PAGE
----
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Possible Duplicate:
Cantor's completeness principle

Cantor's completeness principle states that the intersection of a nest of closed intervals is non empty and is a point. Now let us consider a nest of open intervals. I1 contains I2 contains in I3........ Now The intersection of I1 and I2 is nothing but the interval I2 so is I3 for I1,I2 and I3. So if N tends to infinity then is the intersection not going to be a point? Can anyone show me with rigor and reason why is does cantor principle fail in case of open intervals,i.e. the intersection is empty.?

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  • $\begingroup$ @TonyK - Could you please tell me where I am wrong in the statement? Thanks a ton for pointing. $\endgroup$
    – user16186
    Oct 30, 2011 at 16:31
  • $\begingroup$ "and is a point". See the duplicate question for more info. $\endgroup$
    – TonyK
    Oct 31, 2011 at 0:35

3 Answers 3

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Take $I_n = (0,\dfrac{1}{n})$. For every finite intersection you can find some $k$ large enough such that $\dfrac{1}{k}$ is in the intersection.

However for every $x>0$ there is some $k$ such that $x<\dfrac{1}{k}$, therefore $x\notin\bigcap_n I_n$, thus the intersection is empty.

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Asaf's example is clearly right. Let me add just a comment about the reason why Cantor's principle holds for closed interval but not for open ones. It is simply because closed intervals contain the limits of the sequences. Indeed, the unique way to prove the existence of an element in your intersection $\bigcap I_n$ is picking a point in $I_1$, one in $I_2\cap I_1$ and so on. In this way you construct a sequence, which admit a convergent subsequence, whose limit belongs to the closure of the intersection (which is the intersection itself, because the intersection is still closed). You can't do this when the sets are open, because the intersection of open sets need not to be close, so you have a limit, but it can be outside the intersection.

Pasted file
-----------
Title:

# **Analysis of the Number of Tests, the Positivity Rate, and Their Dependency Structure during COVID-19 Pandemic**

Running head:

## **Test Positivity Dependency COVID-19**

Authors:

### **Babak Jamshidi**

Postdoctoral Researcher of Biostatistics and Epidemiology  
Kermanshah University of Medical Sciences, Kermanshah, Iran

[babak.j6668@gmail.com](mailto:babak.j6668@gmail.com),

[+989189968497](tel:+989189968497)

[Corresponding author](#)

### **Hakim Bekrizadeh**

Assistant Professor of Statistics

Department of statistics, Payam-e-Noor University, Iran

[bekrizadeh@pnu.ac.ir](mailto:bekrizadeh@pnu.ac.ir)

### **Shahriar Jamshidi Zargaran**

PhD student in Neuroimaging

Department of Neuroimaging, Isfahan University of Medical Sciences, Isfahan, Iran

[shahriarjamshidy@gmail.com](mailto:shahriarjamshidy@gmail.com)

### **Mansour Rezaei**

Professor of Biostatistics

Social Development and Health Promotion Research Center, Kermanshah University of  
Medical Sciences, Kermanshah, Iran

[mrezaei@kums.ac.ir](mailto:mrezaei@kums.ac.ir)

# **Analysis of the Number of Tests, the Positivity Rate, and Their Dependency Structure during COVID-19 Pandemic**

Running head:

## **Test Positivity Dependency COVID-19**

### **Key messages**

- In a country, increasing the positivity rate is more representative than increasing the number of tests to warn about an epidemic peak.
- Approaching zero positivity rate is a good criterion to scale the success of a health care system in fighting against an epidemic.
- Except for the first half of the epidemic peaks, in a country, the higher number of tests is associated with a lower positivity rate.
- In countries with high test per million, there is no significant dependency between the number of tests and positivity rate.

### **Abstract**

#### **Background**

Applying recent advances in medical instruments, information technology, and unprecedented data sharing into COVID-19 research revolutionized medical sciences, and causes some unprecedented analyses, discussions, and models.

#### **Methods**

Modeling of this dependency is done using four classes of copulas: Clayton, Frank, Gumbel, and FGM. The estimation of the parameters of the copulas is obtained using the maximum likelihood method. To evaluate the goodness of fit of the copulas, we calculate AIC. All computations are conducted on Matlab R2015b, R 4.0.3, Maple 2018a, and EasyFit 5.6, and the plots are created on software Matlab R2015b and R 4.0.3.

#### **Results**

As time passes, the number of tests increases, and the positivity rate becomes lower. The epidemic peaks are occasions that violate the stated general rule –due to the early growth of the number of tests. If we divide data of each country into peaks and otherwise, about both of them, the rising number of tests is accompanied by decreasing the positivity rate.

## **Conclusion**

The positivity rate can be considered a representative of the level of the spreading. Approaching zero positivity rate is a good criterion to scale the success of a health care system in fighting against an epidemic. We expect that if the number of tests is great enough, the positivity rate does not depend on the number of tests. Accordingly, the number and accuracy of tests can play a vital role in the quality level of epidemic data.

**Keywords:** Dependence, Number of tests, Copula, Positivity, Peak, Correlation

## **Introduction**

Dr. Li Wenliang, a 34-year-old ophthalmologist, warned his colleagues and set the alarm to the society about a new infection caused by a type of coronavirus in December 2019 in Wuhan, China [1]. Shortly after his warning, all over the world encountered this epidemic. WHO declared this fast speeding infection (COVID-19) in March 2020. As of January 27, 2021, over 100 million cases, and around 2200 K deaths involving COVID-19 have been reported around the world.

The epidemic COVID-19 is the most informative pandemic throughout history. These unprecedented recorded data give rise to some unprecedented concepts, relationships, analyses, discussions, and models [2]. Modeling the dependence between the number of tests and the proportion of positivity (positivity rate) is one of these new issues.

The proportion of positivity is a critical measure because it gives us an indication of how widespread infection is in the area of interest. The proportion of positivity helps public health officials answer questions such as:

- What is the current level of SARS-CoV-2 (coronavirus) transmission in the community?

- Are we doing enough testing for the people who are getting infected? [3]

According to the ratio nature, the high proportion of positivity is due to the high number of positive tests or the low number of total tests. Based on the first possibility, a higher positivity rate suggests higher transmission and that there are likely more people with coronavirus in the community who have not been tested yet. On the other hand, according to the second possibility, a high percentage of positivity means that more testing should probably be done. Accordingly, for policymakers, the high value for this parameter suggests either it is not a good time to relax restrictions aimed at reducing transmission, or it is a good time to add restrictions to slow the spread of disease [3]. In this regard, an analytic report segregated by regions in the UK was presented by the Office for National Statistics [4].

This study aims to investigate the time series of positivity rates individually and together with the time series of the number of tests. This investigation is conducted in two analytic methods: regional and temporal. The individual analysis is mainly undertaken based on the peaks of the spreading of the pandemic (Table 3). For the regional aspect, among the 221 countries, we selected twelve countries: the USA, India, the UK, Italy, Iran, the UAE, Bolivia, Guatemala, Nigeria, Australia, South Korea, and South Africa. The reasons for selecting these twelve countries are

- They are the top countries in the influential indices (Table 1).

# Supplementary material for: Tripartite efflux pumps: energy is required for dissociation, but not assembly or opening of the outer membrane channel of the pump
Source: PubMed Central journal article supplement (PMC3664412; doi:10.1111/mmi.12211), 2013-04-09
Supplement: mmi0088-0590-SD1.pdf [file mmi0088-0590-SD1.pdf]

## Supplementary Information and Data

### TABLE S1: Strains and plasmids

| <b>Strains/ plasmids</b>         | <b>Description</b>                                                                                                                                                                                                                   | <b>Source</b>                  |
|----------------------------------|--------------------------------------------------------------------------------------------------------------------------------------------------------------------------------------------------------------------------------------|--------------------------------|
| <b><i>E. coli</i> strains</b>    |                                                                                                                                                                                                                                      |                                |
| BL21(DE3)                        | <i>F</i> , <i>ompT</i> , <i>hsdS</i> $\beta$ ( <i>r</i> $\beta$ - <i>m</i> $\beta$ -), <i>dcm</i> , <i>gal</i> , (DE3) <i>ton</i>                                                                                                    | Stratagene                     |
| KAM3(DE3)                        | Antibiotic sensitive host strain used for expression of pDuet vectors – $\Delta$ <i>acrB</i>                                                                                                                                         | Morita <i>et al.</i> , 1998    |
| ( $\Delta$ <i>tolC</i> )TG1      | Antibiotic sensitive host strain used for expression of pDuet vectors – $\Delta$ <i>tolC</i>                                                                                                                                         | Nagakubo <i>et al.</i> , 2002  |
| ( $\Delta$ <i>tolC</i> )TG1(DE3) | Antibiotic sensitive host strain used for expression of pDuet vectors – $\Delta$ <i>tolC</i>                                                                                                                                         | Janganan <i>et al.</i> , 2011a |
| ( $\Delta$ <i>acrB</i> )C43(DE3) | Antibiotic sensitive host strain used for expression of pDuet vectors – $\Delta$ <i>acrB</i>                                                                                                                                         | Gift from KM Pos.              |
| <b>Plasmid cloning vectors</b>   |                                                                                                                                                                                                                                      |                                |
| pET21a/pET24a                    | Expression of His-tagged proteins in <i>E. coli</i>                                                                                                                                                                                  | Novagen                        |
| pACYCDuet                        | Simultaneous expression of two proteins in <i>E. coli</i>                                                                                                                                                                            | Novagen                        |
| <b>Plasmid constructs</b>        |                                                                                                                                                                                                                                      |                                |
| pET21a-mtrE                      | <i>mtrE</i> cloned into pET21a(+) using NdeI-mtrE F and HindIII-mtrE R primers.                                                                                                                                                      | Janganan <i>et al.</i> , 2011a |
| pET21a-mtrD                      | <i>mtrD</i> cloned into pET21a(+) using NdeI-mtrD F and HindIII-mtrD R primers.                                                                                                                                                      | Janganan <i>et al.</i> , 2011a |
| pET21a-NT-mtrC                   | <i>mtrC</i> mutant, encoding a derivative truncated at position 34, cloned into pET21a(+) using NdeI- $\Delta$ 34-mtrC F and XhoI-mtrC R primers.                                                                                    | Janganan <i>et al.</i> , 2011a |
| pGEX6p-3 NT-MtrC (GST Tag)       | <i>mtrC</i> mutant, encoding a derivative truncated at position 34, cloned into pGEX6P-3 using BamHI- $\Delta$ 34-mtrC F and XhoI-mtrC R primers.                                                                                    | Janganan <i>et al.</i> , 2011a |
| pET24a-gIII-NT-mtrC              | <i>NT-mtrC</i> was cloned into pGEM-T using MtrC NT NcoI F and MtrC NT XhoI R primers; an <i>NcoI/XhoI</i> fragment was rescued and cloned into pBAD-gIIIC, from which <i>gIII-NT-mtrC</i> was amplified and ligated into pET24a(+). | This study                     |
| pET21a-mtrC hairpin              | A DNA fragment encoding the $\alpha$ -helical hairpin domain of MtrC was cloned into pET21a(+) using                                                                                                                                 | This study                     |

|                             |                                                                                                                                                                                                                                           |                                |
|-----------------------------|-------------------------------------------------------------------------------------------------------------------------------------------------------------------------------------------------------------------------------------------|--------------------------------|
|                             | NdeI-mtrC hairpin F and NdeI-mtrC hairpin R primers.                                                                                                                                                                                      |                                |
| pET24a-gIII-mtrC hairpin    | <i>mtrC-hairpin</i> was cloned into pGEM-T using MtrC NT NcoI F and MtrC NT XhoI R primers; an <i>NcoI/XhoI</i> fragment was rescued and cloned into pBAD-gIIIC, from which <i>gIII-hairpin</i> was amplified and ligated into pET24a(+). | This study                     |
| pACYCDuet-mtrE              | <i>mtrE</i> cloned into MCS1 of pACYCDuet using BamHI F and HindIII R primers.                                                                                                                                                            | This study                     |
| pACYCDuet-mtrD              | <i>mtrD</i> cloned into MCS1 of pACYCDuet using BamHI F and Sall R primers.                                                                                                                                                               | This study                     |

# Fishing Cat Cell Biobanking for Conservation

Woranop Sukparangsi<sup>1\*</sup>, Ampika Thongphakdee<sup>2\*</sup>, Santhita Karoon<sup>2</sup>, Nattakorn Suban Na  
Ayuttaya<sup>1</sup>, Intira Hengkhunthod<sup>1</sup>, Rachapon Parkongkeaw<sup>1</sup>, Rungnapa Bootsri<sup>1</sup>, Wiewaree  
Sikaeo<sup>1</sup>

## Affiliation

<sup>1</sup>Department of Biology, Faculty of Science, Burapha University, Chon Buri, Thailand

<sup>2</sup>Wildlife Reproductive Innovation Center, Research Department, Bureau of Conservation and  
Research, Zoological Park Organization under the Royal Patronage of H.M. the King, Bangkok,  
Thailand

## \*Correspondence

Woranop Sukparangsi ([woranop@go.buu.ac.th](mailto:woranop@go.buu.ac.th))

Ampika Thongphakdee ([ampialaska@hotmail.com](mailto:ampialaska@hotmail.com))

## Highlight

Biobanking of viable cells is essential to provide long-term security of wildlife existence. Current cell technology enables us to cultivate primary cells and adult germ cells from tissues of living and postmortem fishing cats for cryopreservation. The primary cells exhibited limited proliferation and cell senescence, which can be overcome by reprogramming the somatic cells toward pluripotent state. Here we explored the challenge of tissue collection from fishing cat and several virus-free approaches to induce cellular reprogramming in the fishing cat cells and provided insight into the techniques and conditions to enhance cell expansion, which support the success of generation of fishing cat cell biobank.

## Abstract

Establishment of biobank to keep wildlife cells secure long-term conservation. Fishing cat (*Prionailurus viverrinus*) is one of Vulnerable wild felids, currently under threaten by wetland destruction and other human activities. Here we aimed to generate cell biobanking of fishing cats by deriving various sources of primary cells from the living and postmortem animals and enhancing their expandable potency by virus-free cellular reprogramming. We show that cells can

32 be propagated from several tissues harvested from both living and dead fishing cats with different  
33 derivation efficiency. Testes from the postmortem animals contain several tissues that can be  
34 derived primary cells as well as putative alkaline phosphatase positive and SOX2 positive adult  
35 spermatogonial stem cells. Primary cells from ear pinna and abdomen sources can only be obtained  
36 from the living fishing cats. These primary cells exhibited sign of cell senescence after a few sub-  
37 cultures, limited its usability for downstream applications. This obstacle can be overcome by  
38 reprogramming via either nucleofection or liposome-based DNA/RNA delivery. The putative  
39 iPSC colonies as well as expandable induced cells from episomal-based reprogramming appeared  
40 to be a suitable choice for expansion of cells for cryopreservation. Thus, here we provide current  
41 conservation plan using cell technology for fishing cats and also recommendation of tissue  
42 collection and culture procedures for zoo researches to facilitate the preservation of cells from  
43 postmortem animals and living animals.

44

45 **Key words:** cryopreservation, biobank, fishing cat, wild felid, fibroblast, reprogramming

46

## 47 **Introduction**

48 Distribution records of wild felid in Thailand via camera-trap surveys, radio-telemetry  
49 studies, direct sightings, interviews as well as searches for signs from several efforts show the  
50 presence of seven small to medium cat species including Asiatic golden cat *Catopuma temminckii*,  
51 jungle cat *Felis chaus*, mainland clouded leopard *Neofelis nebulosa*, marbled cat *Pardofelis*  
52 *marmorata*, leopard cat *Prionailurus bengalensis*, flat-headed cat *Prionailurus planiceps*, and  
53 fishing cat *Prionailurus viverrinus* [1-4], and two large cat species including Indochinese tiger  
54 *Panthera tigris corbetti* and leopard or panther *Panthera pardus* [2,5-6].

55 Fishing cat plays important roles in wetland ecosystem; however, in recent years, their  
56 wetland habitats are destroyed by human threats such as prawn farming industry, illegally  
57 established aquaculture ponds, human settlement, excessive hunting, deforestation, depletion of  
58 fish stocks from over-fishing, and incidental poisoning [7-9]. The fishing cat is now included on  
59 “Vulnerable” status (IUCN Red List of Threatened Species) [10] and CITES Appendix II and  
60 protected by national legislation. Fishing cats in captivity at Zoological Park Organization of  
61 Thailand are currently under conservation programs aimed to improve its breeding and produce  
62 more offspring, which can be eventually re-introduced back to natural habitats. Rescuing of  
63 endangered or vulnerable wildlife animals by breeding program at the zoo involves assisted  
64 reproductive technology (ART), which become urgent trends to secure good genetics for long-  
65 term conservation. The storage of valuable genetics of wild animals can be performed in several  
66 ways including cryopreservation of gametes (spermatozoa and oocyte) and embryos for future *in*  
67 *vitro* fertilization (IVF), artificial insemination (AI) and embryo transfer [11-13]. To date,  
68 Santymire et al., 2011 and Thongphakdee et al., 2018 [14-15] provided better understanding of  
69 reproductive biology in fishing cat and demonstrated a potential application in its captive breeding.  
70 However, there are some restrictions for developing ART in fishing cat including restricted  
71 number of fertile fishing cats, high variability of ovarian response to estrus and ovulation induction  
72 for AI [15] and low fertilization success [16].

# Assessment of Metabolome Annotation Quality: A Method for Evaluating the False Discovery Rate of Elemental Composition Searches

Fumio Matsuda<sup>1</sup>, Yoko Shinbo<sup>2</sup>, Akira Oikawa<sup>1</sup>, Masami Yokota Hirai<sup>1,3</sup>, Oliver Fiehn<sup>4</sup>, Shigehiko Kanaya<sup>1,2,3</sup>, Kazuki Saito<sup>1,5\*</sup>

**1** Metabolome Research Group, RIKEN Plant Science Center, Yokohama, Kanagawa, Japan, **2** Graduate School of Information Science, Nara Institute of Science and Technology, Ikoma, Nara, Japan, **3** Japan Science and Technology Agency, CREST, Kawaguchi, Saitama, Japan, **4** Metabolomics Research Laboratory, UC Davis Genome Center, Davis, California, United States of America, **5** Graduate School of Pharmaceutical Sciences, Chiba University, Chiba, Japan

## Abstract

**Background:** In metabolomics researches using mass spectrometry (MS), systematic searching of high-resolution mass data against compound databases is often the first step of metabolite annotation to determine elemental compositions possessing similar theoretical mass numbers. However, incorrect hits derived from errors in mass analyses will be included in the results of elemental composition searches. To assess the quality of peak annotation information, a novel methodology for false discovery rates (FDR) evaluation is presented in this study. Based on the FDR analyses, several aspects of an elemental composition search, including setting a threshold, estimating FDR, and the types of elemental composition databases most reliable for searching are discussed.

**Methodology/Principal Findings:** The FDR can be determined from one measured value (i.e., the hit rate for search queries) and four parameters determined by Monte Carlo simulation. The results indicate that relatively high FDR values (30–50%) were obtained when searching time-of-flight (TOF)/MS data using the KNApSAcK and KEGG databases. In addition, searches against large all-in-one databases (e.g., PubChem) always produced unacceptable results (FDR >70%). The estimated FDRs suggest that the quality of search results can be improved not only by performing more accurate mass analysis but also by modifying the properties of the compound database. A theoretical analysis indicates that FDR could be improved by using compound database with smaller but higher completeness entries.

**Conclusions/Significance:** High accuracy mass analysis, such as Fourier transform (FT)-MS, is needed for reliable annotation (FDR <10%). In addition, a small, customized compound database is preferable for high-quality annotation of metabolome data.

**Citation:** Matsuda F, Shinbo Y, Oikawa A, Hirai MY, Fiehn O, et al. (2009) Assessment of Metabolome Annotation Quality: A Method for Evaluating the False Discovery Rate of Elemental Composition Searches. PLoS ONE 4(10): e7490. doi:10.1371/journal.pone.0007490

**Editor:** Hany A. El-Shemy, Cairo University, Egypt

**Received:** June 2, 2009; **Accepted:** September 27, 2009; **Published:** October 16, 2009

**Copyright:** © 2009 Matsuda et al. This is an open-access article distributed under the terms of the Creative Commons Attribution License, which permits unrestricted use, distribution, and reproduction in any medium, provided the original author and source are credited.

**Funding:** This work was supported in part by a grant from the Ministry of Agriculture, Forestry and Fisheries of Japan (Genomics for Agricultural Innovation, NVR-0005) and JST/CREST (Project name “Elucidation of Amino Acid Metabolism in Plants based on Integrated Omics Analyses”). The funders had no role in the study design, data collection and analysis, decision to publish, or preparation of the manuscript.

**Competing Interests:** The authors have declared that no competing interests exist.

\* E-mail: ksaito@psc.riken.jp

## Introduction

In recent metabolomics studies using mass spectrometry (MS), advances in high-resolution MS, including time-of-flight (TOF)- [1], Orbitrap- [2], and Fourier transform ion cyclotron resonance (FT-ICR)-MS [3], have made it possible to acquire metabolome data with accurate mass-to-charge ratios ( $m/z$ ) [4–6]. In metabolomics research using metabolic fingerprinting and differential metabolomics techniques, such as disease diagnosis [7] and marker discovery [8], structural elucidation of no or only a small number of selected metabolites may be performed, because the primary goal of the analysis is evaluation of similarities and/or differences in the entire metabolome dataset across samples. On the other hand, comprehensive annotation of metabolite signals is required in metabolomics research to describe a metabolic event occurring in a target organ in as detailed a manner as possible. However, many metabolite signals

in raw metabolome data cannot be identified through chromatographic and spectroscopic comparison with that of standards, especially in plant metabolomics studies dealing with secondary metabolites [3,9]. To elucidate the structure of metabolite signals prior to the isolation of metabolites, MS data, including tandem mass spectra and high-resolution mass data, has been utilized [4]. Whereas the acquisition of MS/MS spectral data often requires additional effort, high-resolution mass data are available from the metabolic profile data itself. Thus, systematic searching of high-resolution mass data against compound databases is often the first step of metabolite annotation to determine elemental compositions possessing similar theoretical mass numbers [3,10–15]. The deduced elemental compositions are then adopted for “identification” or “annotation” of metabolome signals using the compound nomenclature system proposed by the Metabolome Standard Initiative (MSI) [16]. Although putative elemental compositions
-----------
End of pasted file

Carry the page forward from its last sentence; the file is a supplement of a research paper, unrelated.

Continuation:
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$$ \bigcap_{n=1}^\infty \left(0,\frac1n\right) = \varnothing. $$

And $$ \bigcap_{x>0} (0,x) = \varnothing. $$

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